He's a dogecoin millionaire and he's not selling despite joke cryptocurrency's slide

On the surface, Mr Glauber Contessoto (pictured) seems no different than a lucky gambler who walks into a casino. PHOTO: NYTIMES

NEW YORK (NYTIMES) - In February, when Glauber Contessoto decided to invest his life savings in dogecoin, his friends had concerns.

"They were all like, you're crazy," he said. "It's a joke coin. It's a meme. It's going to crash."

Their skepticism was warranted. After all, dogecoin is a joke - a digital currency started in 2013 by a pair of programmers who decided to spoof the cryptocurrency craze by creating their own virtual money based on a meme about Doge, a talking Shiba Inu puppy. And investing money in obscure cryptocurrencies has, historically, been akin to tossing it onto a bonfire.

But Mr Contessoto, 33, who works at a Los Angeles hip-hop media company, is no ordinary buy-and-hold investor. He is among the many thrill-seeking amateurs who have leapt headfirst into the markets in recent months, using stock trading apps like Robinhood to chase outsize gains on risky, speculative bets.

In February, after reading a Reddit thread about dogecoin's potential, Mr Contessoto decided to go all in. He maxed out his credit cards, borrowed money using Robinhood's margin trading feature, and spent everything he had on the digital currency - investing about US$250,000 (S$333,000) in all. Then, he watched his phone obsessively as dogecoin became an internet phenomenon whose value eclipsed that of blue-chip companies like Twitter and General Motors.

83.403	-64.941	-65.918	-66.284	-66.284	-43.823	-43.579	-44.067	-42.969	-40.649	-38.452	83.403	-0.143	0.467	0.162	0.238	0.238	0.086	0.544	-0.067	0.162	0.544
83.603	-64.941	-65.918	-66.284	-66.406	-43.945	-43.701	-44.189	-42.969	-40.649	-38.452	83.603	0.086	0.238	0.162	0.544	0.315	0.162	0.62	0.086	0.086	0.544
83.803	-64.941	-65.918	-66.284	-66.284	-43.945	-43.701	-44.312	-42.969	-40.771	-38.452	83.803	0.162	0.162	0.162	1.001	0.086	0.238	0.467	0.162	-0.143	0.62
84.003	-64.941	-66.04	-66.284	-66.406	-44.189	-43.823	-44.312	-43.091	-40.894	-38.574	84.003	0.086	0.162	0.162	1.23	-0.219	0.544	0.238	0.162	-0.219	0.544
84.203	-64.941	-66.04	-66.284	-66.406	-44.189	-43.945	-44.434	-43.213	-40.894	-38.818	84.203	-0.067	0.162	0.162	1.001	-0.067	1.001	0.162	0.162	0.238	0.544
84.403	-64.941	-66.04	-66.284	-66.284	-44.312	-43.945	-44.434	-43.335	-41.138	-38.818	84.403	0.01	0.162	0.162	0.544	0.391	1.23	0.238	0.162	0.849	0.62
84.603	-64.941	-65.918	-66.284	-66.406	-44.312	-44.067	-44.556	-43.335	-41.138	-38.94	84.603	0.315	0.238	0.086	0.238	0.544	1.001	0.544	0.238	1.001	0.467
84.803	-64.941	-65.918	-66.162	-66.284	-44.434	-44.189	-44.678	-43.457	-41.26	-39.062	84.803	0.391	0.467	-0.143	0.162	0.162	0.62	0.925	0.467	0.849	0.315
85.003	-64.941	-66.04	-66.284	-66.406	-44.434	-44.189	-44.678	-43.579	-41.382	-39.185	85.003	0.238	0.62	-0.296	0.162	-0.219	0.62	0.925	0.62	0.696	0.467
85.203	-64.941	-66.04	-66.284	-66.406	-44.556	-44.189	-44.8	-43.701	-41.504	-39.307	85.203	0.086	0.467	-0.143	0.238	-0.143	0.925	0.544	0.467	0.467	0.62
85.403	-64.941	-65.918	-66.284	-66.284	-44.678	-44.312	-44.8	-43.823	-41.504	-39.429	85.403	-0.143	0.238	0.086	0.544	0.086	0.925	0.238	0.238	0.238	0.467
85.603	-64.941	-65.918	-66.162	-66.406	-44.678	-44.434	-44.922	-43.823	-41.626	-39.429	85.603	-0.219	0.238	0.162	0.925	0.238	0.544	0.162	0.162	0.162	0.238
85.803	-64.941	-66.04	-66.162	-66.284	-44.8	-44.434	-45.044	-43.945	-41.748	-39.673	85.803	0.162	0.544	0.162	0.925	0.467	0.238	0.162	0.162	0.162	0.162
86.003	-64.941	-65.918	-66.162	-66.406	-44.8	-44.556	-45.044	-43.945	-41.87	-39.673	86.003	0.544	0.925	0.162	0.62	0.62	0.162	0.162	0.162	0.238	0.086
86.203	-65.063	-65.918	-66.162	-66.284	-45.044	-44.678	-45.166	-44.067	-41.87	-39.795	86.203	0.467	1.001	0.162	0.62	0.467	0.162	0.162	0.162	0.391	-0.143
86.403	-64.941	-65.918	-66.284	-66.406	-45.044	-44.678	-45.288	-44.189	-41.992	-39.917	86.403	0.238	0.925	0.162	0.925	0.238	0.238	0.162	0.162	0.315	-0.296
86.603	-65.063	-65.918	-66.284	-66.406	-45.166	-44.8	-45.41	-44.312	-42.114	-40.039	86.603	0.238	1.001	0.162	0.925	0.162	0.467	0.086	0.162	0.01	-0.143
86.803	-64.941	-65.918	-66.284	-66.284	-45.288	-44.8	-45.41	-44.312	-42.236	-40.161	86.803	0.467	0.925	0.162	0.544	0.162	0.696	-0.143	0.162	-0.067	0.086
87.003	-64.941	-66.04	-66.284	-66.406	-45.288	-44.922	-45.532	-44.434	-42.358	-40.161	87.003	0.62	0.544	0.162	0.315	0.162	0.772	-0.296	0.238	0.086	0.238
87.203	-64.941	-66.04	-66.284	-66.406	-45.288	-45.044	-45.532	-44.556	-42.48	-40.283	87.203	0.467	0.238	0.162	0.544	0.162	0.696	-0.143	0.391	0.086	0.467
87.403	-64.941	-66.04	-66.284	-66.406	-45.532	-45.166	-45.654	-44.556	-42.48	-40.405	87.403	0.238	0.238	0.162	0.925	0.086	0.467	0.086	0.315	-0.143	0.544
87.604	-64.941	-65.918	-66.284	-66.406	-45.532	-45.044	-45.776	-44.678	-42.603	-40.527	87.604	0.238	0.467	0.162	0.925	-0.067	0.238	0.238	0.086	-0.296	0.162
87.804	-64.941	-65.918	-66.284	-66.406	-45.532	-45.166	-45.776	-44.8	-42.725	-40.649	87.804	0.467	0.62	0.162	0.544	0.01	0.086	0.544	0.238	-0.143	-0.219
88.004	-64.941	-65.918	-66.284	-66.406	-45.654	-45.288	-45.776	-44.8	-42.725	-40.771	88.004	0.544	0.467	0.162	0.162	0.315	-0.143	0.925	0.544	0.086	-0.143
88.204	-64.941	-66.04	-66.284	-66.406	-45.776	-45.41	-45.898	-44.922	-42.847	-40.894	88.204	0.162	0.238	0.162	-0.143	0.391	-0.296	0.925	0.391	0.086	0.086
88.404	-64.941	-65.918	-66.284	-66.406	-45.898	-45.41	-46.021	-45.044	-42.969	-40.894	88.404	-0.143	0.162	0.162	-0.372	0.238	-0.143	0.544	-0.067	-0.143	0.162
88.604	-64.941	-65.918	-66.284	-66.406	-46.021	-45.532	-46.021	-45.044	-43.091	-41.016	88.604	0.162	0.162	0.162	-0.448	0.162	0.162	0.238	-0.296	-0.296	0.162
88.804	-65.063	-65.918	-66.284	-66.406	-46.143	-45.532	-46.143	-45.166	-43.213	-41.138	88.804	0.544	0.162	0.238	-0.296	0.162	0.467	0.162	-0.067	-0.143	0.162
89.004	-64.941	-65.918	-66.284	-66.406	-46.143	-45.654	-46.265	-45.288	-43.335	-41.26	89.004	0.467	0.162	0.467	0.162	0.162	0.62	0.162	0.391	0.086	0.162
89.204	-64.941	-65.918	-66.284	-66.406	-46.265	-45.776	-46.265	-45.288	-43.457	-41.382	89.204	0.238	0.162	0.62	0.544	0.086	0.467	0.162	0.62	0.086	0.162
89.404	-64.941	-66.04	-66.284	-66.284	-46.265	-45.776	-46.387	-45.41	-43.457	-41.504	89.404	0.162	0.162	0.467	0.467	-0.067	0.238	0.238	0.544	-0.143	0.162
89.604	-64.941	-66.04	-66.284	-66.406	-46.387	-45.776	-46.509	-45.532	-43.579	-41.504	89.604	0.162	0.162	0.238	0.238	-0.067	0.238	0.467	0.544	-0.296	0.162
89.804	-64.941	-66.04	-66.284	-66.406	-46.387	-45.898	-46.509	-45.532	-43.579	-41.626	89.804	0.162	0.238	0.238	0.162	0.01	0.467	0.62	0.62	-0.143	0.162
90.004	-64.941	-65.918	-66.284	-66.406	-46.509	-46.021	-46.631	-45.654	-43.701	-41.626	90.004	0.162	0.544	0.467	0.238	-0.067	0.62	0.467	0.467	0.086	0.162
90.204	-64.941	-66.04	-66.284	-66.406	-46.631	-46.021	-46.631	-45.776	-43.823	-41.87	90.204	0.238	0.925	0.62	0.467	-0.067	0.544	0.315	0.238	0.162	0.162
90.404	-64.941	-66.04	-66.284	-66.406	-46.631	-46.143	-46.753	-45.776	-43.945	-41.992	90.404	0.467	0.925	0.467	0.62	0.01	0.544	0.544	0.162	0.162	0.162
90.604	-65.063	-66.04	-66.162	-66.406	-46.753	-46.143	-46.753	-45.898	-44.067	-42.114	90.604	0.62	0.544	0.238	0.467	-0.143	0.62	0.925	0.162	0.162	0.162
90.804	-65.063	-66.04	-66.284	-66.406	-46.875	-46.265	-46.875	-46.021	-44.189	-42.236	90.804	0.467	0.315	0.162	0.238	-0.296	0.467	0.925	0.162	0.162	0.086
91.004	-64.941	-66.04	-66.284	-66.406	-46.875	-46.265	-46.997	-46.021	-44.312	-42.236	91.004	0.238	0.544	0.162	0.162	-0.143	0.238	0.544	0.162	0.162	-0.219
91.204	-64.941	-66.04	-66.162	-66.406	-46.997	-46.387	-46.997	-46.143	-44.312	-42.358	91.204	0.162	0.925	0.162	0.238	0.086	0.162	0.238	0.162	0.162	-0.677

The value of his dogecoin holdings today? Roughly US$2 million.

On the surface, Mr Contessoto - who dropped out of college and has no formal financial training - seems no different than a lucky gambler who walks into a casino, bets all his chips on a single roulette spin, and walks out a millionaire.

But he is also emblematic of a new kind of hyper-online investor who is winning by applying the skills of the digital attention economy - sharing memes, cultivating buzz, producing endless streams of content for social media - to the financial markets.

These investors, mostly young men, don't behave rationally in the old-fashioned, Homo economicus sense. They pick investments not based on their underlying fundamentals or the estimates of Wall Street analysts, but on looser criteria, such as how funny they are, how futuristic they seem, or how many celebrities are tweeting about them. Their philosophy is that in today's media-saturated world, attention is the most valuable commodity of all, and that anything that is attracting a great deal of it must be worth something.

"Memes are the language of the millennials," Mr Contessoto said. "Now we're going to have a meme matched with a currency."

Strange as his investment thesis might seem, it's hard to argue with the results. Even after a recent crash following Elon Musk's appearance on "Saturday Night Live" (in which he joked about dogecoin being a "hustle"), dogecoin remains a very lucrative trade. A dollar invested in dogecoin on Jan 1 would be worth US$203 today - much more than a comparable investment in bitcoin, ethereum or any stock in the S&P 500.